And there was so much to love that weekend out there in those woods, so much to carry me forward, moment to moment.  It was mid-day, both Saturday and Sunday, when I pushed off onto the trail, and late afternoon before I arrived at County Road 510, so as I skated and skimmed back down the hills, the fourteen or so kilometers back toward my car, the sun was beginning to sink low in the sky.  And when I arrived at the creek and the hemlock forest it was as though the world was coated in shimmering gold; it was as though I was swimming through a forest of golden light, as though I was skate-skiing through a golden sea, two days in a row, through a shimmering sea and onward to the patch of planted jack pines, and that’s when the sky began to do things I’d never seen before.  For the last hour of the ski, on both days, as the full moon floated up above the trees and into the sky, my gaze also turned upward.  I couldn’t help it.  It was a show that I will never forget.  Clouds, more vivid, more delicious, more touchable, transformed themselves, as I skied along, from a soft creamy-peach, to a flaming fiery fuchsia that ignited the whole forested horizon, and, then, as if on cue, they changed again, this time to a gorgeous plum-like purple, and the sky behind the purple was the deepest, the most true of blues, the blue of my mother’s eyes.  And I knew, in those moments, I just knew that I was seeing the world through her eyes, and I was over-the-moon and I was up in those clouds and I was present in my body on the trail and I was filled to the brim with appreciation.

It was the kick-off, those hours and hours of skate-skiing through the wintry woods during the weekend of Super Bowl 2012; it was the initiation for me into a whole new ball game of how to be with my mother.  Someone asked me, this week of Super Bowl 2013, if I miss her.  And I had to really think about it.  Sure there was the time during the hurricane last fall when I wanted the flesh and blood version of a mother and I wanted her in the cottage that she lived in all those years, the one that is no longer standing on its flesh and blood legs.  I wanted to call her on the telephone, on a real telephone made of matter and I wanted her to pick up the phone and talk to me with real words; I wanted her to tell me about that storm at her doorstep in her voice, the voice that I used to know.  I missed her.  But that doesn’t happen often.  It really doesn’t.  In this new way of being together, I don’t have to pick up a phone or fly to Maine to make contact.  I can find her anywhere and I do.  I find her when I traipse through the woods that I love, when I sail down a hill on my skis and a breeze, fresh and cold, kisses my face.  I find her when an eagle, wide-winged, lifts off in front of me, right in front of me.  I find her in the sudden shock of a red cardinal landing in the winter pine by the feeder.  I find her when I hold my grandson, and feel her hands, her new subtle hands, on my shoulders.  I find her in the classical music that she loved, in the words that flow from my pen.  I just have to think about her and she shows up for me.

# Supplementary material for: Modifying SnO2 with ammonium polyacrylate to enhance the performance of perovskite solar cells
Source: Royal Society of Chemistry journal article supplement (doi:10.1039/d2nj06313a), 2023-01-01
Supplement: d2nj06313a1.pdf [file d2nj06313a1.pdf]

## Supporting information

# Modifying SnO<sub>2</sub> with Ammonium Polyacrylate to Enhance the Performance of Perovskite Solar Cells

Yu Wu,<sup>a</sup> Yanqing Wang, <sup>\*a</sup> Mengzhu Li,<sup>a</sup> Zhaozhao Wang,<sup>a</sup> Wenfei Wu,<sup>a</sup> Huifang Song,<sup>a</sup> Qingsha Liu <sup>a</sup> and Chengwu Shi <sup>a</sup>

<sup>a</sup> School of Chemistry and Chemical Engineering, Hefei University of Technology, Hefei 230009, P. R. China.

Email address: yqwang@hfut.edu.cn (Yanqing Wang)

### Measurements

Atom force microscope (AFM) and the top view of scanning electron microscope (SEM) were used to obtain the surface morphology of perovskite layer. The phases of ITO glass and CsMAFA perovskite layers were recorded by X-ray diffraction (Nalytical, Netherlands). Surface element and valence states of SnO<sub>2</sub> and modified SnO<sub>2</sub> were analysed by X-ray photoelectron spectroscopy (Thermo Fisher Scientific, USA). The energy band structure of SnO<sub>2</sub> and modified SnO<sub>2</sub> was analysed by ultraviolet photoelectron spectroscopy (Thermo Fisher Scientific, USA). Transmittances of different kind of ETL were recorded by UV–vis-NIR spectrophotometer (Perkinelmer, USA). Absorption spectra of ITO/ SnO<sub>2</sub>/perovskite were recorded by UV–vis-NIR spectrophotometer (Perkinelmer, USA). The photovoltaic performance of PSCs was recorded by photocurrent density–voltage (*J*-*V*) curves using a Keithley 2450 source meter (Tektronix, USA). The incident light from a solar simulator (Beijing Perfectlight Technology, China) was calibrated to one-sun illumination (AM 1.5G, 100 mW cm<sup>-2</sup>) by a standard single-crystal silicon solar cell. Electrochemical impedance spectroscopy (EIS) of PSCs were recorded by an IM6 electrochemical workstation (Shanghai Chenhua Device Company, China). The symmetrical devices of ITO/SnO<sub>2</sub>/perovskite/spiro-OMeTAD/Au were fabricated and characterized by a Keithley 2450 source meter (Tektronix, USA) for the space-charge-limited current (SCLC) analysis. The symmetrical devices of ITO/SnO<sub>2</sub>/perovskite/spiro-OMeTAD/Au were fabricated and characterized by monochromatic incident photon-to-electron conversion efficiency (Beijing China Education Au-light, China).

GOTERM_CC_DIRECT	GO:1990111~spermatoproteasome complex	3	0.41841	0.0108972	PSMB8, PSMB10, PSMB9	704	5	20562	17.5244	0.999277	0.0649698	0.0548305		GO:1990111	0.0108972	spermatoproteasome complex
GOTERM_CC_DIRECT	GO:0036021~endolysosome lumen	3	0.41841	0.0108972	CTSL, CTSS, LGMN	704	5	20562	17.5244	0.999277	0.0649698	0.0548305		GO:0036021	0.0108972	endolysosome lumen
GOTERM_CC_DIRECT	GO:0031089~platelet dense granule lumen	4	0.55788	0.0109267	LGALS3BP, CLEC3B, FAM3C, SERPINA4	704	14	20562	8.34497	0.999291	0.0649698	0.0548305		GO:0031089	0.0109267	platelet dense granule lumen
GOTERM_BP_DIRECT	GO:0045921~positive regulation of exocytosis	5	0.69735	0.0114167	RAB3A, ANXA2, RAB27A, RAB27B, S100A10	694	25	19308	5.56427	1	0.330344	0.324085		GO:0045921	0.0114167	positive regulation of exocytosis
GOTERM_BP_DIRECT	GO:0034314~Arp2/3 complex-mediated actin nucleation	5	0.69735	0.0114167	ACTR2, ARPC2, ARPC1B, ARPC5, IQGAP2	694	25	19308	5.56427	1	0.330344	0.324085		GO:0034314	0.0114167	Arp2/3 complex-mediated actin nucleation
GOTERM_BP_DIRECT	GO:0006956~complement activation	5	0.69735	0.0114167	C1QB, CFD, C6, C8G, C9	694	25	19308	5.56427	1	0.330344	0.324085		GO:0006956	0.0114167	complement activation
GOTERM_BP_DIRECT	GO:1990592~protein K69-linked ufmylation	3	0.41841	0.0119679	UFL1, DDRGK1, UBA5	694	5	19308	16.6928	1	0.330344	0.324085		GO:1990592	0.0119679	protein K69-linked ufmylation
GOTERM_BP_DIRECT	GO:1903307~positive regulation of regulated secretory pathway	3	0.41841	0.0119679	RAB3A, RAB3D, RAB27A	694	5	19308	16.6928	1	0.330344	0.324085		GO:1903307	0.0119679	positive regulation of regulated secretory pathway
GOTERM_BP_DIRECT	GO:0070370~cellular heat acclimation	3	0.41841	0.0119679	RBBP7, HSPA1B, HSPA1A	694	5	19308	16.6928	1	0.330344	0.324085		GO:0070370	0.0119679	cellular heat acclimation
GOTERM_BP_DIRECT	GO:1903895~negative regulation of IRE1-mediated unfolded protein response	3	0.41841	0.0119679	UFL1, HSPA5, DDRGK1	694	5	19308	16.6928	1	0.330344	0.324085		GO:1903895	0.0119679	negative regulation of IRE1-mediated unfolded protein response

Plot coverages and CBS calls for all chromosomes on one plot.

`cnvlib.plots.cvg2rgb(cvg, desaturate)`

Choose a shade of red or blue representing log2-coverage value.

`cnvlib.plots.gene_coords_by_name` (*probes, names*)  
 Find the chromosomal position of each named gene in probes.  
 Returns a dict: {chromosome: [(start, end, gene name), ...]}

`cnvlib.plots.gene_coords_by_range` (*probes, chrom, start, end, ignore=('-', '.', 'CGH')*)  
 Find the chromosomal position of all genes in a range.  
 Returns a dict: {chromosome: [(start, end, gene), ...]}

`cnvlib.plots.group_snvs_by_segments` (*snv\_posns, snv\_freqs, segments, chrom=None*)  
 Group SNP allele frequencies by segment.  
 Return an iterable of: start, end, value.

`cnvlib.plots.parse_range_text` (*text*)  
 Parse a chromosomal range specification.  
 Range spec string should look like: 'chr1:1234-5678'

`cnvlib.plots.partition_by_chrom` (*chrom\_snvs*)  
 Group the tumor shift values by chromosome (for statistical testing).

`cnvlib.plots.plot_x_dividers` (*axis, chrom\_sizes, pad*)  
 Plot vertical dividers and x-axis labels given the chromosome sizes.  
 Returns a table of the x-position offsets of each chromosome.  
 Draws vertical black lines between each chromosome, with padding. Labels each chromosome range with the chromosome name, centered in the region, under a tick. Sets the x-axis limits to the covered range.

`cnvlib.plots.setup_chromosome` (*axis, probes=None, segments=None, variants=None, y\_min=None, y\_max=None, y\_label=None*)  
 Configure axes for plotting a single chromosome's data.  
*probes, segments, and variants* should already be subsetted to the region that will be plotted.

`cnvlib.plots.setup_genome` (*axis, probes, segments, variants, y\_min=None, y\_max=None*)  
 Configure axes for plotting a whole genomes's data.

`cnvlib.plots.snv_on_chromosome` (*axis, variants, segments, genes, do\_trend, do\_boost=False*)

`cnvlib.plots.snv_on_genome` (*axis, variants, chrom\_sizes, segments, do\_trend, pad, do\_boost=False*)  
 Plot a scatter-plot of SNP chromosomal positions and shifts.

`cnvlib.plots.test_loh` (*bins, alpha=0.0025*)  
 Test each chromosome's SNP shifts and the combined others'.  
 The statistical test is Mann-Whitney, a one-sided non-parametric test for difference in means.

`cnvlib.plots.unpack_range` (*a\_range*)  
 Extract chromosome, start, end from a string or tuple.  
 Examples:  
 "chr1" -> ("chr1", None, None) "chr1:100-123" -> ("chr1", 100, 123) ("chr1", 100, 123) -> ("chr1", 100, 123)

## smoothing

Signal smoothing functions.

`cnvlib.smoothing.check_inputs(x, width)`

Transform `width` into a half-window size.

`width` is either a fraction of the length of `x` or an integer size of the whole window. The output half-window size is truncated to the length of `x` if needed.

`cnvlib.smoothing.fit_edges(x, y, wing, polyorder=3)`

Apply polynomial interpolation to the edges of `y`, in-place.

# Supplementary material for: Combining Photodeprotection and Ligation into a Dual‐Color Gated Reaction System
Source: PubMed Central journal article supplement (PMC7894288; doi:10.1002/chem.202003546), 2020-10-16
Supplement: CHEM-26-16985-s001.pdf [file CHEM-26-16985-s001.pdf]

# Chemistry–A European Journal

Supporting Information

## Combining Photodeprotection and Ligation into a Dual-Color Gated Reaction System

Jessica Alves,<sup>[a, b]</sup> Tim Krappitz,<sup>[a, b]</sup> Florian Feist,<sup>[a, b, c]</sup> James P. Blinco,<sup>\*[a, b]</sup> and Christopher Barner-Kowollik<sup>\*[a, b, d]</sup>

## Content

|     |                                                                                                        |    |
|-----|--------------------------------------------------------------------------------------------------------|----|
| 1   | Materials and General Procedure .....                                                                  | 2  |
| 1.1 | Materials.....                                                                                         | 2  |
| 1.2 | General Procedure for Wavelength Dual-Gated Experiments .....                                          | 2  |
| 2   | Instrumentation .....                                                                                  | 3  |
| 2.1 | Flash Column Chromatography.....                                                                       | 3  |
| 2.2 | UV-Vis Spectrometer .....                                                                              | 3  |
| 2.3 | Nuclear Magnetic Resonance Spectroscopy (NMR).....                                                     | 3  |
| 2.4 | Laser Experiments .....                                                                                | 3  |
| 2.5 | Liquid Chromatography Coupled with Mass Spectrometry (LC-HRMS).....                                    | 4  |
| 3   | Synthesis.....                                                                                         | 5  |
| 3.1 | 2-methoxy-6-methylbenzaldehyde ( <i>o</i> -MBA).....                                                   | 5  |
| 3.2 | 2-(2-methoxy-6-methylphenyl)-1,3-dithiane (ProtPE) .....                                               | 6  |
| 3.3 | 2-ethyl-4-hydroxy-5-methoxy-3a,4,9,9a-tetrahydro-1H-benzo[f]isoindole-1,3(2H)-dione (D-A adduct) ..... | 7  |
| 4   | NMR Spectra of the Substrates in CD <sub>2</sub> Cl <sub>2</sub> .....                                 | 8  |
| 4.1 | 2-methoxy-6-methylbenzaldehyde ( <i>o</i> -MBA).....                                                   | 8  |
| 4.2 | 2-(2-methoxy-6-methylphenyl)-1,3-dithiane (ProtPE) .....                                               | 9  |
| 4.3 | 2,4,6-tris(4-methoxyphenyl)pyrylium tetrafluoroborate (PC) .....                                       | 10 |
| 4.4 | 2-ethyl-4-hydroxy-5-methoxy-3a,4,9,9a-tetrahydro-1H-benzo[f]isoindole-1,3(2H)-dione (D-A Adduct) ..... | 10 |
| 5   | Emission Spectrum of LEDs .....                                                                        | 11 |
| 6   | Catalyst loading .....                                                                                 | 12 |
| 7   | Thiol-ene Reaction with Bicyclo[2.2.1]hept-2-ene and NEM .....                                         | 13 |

During the weekend of Super Bowl 2013, it happened in my living room.  All of a sudden, as I was puttering about, she popped into my mind.  “Mom,” I said out loud in this new game I often play, “Make yourself known to me!”  And at that moment, the moment that I said the words, my head turned over toward the window and the lamp that stands by the chair, and I saw it.  The bird, a shiny hand-painted glass ornament-bird, perched on top of the lamp’s shade, the bird gleaming in the morning light, the bird that I had not noticed before.  I have no idea how that bird found its way to its lampshade perch, and neither does Cam.  I’m thinking that one of the kids must have stuck it there weeks ago over the holidays.  And, in that moment, it didn’t matter.  It was a gift from my mother, from my mother who showers me with such gifts all the time.